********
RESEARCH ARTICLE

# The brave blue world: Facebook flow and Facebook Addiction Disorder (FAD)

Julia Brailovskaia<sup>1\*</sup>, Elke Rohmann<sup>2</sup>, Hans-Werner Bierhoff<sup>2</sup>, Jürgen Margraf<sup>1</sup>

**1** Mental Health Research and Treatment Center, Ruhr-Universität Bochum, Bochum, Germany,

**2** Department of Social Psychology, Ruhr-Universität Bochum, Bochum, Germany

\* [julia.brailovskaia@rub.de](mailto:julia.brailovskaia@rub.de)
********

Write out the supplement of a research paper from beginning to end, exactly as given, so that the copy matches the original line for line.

RESEARCH ARTICLE

# The brave blue world: Facebook flow and Facebook Addiction Disorder (FAD)

Julia Brailovskaia<sup>1\*</sup>, Elke Rohmann<sup>2</sup>, Hans-Werner Bierhoff<sup>2</sup>, Jürgen Margraf<sup>1</sup>

**1** Mental Health Research and Treatment Center, Ruhr-Universität Bochum, Bochum, Germany,

**2** Department of Social Psychology, Ruhr-Universität Bochum, Bochum, Germany

\* [julia.brailovskaia@rub.de](mailto:julia.brailovskaia@rub.de)